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Python Global Keyword

In this article, you’ll learn about the global keyword, global variable and when to use global keywords.
Before reading this article, make sure you have got some basics of Python Global, Local and Nonlocal Variables.

What is the global keyword
In Python, global keyword allows you to modify the variable outside of the current scope. It is used to create a global variable and make changes to the variable in a local context.

Rules of global Keyword
The basic rules for global keyword in Python are:
When we create a variable inside a function, it is local by default.
When we define a variable outside of a function, it is global by default. You don't have to use global keyword.
We use global keyword to read and write a global variable inside a function.
Use of global keyword outside a function has no effect.

Use of global Keyword
Let's take an example.
Example 1: Accessing global Variable From Inside a Function
c = 1 # global variable

def add():


When we run the above program, the output will be:

However, we may have some scenarios where we need to modify the global variable from inside a function.
Example 2: Modifying Global Variable From Inside the Function
c = 1 # global variable
def add():
    c = c + 2 # increment c by 2


When we run the above program, the output shows an error:
UnboundLocalError: local variable 'c' referenced before assignment
This is because we can only access the global variable but cannot modify it from inside the function.
The solution for this is to use the global keyword.
Example 3: Changing Global Variable From Inside a Function using global
c = 0 # global variable

def add():
    global c
    c = c + 2 # increment by 2
    print("Inside add():", c)

print("In main:", c)

When we run the above program, the output will be:
Inside add(): 2
In main: 2
In the above program, we define c as a global keyword inside the add() function.
Then, we increment the variable c by 2, i.e c = c + 2. After that, we call the add() function. Finally, we print the global variable c.
As we can see, change also occurred on the global variable outside the function, c = 2.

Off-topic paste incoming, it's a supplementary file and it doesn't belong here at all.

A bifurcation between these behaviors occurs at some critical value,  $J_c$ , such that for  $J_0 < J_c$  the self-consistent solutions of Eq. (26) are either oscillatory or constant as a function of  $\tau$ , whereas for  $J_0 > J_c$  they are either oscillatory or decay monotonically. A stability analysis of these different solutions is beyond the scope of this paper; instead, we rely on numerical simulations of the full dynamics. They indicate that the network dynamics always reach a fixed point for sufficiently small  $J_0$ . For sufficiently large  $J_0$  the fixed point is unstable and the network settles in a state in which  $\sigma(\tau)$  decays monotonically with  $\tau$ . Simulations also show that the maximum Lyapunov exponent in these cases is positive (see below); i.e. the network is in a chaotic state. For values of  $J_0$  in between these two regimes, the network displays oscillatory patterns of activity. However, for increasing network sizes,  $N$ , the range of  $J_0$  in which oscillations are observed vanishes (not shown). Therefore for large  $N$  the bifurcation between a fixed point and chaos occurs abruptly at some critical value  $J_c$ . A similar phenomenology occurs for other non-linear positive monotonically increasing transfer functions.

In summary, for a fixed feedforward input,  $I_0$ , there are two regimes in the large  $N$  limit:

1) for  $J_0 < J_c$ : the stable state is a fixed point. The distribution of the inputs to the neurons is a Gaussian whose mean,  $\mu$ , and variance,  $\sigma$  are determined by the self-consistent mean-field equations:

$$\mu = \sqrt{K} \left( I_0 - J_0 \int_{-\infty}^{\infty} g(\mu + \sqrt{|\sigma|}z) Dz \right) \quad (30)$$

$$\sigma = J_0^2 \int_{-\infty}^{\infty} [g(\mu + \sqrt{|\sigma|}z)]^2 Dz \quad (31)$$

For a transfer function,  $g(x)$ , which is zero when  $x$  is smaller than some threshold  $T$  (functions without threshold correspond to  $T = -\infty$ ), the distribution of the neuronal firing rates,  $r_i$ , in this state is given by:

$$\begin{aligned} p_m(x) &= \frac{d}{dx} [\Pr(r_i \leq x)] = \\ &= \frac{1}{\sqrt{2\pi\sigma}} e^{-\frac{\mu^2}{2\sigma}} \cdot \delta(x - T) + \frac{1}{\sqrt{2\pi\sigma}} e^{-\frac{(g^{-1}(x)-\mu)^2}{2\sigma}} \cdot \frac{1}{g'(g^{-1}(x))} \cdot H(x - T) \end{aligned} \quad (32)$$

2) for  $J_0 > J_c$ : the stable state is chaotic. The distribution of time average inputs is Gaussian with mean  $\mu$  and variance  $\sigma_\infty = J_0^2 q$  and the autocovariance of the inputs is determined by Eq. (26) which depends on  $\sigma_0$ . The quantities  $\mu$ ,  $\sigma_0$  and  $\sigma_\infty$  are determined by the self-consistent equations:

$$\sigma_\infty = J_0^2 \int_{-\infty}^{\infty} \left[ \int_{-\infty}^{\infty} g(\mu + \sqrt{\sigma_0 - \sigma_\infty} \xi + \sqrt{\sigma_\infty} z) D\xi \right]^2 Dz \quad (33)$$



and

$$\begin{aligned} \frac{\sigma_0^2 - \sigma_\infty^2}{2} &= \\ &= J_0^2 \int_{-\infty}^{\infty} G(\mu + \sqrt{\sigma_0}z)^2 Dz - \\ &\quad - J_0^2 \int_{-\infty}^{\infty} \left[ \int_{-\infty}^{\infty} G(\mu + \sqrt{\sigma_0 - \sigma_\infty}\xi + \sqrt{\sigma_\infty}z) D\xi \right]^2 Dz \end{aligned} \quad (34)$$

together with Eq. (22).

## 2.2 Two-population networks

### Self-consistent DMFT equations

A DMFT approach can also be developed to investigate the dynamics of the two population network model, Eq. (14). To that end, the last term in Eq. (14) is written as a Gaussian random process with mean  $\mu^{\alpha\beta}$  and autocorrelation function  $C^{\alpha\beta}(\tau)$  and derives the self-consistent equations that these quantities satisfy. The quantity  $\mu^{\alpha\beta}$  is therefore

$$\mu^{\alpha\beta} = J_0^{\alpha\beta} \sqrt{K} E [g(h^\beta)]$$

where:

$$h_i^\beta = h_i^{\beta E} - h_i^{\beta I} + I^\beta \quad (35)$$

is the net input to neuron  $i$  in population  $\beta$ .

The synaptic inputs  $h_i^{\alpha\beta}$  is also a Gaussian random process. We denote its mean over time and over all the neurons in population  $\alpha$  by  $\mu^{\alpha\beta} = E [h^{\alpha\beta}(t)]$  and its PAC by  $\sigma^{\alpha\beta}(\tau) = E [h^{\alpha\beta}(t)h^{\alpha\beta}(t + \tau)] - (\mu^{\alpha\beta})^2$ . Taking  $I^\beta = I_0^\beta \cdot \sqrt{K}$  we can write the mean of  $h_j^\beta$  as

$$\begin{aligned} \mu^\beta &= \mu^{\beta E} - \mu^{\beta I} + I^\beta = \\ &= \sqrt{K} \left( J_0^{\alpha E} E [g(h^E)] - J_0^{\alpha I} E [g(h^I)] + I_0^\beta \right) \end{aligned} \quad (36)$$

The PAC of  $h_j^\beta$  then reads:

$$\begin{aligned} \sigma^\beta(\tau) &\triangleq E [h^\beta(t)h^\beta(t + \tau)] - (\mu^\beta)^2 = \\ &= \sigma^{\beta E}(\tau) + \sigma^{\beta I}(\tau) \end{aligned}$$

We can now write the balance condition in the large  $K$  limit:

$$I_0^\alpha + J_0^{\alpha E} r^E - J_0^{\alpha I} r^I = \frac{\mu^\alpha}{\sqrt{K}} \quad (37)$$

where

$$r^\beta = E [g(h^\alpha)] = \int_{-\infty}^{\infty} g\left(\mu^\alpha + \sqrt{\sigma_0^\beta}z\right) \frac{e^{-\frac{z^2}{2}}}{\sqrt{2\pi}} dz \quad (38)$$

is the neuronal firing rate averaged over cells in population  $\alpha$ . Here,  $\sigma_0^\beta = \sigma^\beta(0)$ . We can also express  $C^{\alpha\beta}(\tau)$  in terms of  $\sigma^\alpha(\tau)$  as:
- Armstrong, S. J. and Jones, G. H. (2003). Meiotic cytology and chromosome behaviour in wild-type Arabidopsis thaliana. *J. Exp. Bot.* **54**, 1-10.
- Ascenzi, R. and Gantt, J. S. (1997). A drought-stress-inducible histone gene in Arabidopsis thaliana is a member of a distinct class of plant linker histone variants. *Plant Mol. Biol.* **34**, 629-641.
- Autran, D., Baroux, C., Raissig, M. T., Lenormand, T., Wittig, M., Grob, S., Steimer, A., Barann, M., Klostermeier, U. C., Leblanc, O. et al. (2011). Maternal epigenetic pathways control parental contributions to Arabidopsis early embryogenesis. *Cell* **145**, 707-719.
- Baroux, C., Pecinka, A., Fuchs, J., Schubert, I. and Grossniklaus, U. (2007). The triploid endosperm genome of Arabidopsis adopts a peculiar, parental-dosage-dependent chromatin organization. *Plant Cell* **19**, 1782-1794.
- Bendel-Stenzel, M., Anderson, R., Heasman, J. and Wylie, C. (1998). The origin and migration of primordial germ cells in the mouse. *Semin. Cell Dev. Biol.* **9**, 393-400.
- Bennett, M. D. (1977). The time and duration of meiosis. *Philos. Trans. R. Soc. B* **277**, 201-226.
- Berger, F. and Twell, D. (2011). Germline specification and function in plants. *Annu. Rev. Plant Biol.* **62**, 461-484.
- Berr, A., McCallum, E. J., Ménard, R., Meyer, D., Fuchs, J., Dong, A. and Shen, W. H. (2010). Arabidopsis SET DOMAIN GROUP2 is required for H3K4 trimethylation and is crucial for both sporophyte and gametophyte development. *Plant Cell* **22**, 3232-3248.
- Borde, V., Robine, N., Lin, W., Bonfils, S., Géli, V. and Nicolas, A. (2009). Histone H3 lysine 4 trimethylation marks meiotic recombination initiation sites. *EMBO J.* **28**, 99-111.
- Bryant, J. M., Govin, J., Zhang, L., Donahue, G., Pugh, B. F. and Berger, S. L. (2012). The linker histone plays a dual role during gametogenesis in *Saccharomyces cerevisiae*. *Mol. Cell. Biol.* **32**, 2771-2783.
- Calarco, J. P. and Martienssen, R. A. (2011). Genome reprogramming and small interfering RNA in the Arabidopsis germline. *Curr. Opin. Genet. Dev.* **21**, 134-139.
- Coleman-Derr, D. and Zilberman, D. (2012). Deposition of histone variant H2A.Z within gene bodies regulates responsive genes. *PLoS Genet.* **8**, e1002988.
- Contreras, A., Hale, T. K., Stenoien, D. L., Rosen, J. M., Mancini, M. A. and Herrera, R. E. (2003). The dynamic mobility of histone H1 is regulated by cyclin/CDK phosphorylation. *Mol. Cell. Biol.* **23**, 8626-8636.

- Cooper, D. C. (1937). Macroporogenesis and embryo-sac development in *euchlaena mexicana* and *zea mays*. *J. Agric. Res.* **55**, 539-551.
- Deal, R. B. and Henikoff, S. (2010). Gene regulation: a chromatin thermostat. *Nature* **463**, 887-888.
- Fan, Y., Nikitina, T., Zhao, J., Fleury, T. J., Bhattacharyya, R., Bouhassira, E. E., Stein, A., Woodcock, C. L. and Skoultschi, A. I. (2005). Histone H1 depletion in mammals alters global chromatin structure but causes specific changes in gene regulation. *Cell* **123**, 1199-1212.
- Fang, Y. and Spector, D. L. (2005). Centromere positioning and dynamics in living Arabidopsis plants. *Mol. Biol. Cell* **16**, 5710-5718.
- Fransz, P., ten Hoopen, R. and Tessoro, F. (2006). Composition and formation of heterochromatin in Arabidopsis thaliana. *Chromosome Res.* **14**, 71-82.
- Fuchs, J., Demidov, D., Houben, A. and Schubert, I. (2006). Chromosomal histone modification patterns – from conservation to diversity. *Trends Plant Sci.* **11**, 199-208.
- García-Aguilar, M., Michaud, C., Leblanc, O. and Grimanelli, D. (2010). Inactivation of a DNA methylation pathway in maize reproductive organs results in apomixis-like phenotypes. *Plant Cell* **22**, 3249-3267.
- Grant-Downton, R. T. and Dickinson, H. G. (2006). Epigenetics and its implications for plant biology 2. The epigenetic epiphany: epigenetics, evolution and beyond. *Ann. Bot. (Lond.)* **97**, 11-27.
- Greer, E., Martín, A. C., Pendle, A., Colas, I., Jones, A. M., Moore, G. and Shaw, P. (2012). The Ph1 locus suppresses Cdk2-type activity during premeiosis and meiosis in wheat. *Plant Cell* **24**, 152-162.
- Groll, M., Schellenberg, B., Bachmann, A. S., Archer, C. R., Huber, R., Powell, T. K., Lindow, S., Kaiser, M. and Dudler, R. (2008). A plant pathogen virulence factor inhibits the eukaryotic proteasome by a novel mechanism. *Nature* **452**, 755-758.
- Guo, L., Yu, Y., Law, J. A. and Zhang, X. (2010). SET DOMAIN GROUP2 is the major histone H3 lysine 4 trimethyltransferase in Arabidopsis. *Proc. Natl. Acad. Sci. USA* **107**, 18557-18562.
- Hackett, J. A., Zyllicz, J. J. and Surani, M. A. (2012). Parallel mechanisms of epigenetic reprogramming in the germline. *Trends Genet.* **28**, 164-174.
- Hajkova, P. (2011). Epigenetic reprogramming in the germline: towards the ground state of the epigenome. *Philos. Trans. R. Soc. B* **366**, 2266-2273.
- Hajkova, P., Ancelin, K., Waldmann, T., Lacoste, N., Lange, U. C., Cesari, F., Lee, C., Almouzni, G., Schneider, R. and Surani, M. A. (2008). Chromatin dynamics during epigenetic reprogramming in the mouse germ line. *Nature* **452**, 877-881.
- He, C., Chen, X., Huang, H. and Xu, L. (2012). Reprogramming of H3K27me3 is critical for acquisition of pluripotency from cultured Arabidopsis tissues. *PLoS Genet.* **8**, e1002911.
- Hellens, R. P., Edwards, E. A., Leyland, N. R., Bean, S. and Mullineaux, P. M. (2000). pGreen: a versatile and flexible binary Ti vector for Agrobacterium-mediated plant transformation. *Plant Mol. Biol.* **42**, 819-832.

Global Variables Across Python Modules

In Python, we create a single module config.py to hold global variables and share information across Python modules within the same program.
Here is how we can share global variables across the python modules.
Example 4: Share a global Variable Across Python Modules
Create a config.py file, to store global variables
a = 0
b = "empty"
Create a update.py file, to change global variables
import config

config.a = 10
config.b = "alphabet"
Create a main.py file, to test changes in value
import config
import update

When we run the main.py file, the output will be
In the above, we have created three files: config.py, update.py, and main.py.
The module config.py stores global variables of a and b. In the update.py file, we import the config.py module and modify the values of a and b. Similarly, in the main.py file, we import both config.py and update.py module. Finally, we print and test the values of global variables whether they are changed or not.

Global in Nested Functions
Here is how you can use a global variable in nested function. Example 5: Using a Global Variable in Nested Function
def myfun():
    x = 20

    def myfuninner():
        global x
        x = 25
    print("Before calling myfuninner: ", x)
    print("Calling myfuninner now")
    print("After calling myfuninner: ", x)

print("x in main: ", x)

The output is :
Before calling myfuninner: 20
Calling myfuninner now
After calling myfuninner: 20
x in main: 25
In the above program, we declared a global variable inside the nested function myfuninner(). Inside myfun() function, x has no effect of the global keyword.
Before and after calling myfuninner(), the variable x takes the value of local variable i.e x = 20. Outside of the myfun() function, the variable x will take value defined in the myfuninner() function i.e x = 25. This is because we have used global keyword in x to create global variable inside the myfuninner() function (local scope).
If we make any changes inside the myfuninner() function, the changes appear outside the local scope, i.e. myfun().

Python Global Keyword